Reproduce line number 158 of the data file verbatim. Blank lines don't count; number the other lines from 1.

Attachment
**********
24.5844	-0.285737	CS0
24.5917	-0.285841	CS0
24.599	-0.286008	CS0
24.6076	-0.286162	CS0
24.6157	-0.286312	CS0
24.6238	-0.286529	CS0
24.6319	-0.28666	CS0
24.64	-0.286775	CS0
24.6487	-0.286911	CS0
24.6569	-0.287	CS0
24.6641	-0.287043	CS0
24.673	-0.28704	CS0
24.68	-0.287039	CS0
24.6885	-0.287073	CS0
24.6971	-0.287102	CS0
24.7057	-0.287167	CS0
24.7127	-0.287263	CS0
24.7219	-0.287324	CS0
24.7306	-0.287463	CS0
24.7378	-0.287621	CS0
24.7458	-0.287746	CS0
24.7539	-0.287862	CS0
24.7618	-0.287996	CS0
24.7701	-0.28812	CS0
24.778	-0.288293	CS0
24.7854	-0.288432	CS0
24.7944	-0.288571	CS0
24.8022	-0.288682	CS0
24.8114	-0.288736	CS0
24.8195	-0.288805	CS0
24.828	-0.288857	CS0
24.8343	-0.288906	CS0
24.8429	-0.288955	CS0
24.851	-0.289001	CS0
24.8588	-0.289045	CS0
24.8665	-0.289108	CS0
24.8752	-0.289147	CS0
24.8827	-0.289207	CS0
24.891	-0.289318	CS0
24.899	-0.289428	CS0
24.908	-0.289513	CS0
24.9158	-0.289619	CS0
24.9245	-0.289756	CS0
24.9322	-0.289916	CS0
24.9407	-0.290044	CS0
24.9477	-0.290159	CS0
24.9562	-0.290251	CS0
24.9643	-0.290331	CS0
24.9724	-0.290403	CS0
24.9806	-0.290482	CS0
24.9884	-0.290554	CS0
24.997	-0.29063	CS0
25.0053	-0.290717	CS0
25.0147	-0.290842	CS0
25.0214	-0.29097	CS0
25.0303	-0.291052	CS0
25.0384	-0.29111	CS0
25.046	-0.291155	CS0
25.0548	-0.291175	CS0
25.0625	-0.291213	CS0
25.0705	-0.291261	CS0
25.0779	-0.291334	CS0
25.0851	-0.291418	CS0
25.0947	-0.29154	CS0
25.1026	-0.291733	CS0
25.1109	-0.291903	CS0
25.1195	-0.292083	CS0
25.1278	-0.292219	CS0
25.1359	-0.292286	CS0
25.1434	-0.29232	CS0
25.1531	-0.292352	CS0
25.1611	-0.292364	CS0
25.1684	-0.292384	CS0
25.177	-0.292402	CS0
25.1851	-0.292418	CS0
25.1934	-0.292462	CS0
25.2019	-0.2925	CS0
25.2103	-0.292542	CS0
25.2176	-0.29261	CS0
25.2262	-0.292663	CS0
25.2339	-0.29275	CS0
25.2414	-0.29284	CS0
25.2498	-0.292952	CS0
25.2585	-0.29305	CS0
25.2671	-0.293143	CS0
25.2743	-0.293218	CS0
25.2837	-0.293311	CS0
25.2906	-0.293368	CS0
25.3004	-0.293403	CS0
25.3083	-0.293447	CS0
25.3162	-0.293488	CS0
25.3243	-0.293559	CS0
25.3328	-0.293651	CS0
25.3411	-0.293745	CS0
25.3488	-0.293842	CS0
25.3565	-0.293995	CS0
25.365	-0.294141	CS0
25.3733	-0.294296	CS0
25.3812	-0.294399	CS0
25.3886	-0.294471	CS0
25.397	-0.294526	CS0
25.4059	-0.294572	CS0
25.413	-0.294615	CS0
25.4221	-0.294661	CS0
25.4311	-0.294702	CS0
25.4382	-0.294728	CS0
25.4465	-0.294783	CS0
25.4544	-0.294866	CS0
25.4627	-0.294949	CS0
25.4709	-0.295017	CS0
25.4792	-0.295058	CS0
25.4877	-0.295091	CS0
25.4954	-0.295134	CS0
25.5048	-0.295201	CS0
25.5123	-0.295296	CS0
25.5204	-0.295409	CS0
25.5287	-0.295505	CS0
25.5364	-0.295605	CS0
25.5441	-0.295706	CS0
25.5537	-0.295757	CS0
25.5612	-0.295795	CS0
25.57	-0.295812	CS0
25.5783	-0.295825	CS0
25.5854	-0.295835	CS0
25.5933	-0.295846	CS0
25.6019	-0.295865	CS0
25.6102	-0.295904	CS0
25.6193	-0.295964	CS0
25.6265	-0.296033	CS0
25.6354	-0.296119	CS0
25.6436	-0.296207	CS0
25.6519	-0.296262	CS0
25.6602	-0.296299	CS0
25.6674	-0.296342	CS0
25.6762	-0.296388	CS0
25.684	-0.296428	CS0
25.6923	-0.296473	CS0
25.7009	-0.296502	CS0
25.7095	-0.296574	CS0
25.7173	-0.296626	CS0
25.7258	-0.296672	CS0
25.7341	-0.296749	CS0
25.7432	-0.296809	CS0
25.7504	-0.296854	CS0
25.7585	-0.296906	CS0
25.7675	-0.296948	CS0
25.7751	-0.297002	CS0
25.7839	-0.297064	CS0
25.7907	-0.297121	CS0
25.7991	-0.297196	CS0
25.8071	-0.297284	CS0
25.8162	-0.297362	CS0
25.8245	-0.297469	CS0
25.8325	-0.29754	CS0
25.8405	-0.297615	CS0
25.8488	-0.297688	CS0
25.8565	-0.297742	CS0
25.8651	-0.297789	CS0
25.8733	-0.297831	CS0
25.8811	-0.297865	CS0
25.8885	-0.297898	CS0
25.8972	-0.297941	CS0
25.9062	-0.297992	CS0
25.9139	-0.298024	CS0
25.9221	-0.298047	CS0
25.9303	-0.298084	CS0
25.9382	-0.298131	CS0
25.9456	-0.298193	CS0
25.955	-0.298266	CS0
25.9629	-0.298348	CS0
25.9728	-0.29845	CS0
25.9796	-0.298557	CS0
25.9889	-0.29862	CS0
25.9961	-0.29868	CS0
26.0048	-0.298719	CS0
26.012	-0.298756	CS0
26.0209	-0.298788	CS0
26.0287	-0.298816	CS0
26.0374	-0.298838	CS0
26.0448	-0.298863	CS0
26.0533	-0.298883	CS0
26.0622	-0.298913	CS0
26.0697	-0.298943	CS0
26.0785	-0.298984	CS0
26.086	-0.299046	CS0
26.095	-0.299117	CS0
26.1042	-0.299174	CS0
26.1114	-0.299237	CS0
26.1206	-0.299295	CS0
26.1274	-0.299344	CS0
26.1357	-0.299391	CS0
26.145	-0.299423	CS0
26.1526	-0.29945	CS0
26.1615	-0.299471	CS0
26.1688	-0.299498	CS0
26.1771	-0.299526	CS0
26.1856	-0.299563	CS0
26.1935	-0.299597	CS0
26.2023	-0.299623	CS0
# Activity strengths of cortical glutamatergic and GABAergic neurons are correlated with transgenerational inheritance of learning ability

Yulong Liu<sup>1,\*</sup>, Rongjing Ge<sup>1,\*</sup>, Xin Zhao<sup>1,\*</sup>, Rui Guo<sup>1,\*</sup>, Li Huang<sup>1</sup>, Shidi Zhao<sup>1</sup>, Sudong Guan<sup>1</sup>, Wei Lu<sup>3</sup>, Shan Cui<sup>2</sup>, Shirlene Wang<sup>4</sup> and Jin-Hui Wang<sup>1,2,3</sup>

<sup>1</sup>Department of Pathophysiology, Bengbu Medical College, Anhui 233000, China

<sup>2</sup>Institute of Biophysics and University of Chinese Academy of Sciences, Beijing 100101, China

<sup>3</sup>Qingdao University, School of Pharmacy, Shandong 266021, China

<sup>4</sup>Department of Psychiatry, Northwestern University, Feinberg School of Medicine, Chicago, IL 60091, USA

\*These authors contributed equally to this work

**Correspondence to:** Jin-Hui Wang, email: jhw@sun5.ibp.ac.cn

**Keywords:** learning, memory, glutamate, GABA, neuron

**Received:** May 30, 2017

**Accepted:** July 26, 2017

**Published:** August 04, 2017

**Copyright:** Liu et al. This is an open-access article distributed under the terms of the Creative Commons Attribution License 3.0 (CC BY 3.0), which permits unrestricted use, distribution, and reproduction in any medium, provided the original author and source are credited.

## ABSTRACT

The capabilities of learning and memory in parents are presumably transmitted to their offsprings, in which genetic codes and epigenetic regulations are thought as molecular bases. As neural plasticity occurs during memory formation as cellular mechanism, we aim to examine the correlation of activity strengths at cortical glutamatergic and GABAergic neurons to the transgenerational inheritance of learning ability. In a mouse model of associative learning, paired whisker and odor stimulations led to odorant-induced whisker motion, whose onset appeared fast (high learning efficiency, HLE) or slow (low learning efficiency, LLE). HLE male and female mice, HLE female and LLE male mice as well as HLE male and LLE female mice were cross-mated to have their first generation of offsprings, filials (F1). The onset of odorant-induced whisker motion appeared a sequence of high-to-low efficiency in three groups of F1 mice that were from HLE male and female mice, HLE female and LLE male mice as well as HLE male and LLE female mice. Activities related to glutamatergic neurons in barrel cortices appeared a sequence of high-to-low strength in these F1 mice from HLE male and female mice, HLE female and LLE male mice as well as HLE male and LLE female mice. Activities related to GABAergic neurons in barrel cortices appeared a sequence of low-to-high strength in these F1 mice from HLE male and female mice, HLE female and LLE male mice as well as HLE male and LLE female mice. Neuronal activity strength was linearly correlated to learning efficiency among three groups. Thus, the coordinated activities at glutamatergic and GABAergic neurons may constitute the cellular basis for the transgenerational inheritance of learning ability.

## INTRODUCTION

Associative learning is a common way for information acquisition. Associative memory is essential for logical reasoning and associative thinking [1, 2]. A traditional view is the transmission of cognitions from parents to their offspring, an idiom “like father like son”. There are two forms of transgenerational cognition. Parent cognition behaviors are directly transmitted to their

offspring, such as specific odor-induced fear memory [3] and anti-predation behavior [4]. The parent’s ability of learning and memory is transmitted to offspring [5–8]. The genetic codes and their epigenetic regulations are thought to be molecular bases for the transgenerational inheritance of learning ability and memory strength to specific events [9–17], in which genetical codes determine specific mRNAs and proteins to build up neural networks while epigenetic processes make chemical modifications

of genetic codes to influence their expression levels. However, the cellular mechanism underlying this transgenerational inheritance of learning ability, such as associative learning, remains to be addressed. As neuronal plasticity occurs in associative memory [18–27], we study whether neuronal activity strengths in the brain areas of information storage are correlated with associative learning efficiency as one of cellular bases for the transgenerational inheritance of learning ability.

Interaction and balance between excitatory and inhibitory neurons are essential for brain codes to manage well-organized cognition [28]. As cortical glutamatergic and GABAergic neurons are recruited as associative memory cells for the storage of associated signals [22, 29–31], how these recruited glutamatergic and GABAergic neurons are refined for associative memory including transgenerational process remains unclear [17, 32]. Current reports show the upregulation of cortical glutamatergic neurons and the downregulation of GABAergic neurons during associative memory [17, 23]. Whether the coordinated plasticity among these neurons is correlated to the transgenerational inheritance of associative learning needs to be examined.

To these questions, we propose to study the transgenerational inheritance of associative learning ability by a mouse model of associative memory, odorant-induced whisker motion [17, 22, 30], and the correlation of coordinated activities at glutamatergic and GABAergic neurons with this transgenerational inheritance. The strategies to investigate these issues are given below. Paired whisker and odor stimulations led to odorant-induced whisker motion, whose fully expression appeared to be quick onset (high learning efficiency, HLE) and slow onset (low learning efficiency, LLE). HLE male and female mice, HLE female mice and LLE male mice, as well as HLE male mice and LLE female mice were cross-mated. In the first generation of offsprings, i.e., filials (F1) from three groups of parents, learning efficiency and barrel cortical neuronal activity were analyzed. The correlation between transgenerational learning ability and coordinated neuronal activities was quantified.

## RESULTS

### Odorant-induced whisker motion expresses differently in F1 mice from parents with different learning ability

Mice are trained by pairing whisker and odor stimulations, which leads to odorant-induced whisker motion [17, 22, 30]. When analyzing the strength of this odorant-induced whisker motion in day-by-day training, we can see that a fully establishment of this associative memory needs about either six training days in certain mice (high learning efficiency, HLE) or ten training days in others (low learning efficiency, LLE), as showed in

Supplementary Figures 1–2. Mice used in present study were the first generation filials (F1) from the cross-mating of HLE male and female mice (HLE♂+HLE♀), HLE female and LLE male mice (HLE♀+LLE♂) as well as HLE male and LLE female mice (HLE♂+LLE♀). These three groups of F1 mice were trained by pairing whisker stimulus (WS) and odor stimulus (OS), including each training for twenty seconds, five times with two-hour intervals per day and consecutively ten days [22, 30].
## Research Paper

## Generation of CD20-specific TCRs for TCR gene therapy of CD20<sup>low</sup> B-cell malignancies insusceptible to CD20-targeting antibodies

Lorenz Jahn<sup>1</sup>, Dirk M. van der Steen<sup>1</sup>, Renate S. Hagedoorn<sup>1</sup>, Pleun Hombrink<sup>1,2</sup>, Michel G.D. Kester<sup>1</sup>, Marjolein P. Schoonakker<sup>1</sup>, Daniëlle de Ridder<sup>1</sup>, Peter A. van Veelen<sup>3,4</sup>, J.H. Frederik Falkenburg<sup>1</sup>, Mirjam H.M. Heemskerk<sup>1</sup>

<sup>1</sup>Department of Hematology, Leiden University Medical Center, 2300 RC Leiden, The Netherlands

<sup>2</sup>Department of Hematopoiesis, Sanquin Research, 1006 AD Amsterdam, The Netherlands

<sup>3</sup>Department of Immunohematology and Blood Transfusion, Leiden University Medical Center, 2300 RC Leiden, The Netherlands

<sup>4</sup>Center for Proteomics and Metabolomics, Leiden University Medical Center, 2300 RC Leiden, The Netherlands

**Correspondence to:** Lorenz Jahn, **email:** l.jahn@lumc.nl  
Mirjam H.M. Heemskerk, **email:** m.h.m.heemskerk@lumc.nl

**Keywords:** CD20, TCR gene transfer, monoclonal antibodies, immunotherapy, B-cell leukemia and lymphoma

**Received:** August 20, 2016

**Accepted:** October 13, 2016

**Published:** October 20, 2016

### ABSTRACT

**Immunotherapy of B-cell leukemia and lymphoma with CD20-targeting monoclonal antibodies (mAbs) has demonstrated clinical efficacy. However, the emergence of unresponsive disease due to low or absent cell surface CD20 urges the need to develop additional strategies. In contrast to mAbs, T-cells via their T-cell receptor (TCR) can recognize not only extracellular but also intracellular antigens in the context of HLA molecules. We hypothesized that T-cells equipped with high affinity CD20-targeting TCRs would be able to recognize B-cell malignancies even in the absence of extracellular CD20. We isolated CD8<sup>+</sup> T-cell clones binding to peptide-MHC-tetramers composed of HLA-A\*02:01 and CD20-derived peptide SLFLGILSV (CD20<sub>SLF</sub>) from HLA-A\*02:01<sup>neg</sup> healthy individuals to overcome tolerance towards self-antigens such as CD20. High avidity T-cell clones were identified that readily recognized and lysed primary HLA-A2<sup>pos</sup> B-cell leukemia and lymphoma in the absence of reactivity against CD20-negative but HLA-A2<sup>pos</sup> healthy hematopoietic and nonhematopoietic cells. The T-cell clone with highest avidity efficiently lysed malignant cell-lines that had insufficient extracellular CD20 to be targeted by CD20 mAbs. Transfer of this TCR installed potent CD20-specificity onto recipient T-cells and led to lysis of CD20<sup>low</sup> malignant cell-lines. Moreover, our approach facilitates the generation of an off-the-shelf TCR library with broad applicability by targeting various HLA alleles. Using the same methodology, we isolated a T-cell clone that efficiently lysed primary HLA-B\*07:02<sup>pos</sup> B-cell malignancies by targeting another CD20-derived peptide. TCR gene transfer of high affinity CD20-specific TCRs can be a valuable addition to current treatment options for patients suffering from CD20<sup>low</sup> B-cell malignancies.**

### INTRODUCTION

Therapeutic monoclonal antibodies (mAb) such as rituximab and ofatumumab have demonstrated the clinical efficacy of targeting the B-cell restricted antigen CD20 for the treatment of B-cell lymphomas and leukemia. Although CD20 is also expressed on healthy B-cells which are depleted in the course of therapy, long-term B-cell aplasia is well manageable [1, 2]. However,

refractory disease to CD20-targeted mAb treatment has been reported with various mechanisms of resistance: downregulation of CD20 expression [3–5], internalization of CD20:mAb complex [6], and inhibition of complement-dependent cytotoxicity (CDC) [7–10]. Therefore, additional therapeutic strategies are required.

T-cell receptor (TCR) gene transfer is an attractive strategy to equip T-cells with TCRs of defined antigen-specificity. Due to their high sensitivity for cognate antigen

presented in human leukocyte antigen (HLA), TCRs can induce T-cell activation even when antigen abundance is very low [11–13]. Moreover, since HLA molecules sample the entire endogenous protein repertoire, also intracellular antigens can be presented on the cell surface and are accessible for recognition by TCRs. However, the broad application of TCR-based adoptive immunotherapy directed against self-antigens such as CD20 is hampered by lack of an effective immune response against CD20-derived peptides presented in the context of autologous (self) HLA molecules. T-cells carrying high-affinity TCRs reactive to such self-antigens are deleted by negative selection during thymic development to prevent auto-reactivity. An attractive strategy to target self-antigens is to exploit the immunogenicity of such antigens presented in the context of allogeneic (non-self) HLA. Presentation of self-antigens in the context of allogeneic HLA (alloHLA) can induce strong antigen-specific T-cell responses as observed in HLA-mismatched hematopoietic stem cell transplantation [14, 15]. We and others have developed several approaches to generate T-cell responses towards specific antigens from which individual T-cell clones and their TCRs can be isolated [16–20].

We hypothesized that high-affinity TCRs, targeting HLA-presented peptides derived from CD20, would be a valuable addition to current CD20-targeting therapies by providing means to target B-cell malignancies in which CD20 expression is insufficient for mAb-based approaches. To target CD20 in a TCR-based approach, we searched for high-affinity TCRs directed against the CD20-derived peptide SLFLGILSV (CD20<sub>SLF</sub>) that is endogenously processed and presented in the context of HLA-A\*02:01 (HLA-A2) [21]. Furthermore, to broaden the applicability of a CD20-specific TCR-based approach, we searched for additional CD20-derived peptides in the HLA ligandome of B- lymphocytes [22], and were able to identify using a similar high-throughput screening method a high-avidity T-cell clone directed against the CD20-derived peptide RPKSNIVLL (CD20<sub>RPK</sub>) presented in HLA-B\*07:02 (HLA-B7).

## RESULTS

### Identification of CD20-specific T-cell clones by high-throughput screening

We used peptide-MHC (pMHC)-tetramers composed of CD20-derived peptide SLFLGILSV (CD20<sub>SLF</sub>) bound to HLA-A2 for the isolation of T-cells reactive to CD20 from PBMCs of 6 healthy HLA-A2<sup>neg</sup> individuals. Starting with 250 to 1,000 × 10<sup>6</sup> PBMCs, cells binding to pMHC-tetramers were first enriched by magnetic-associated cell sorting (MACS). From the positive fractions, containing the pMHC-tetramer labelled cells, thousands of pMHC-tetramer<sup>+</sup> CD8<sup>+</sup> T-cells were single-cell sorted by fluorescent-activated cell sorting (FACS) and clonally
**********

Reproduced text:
25.8651	-0.297789	CS0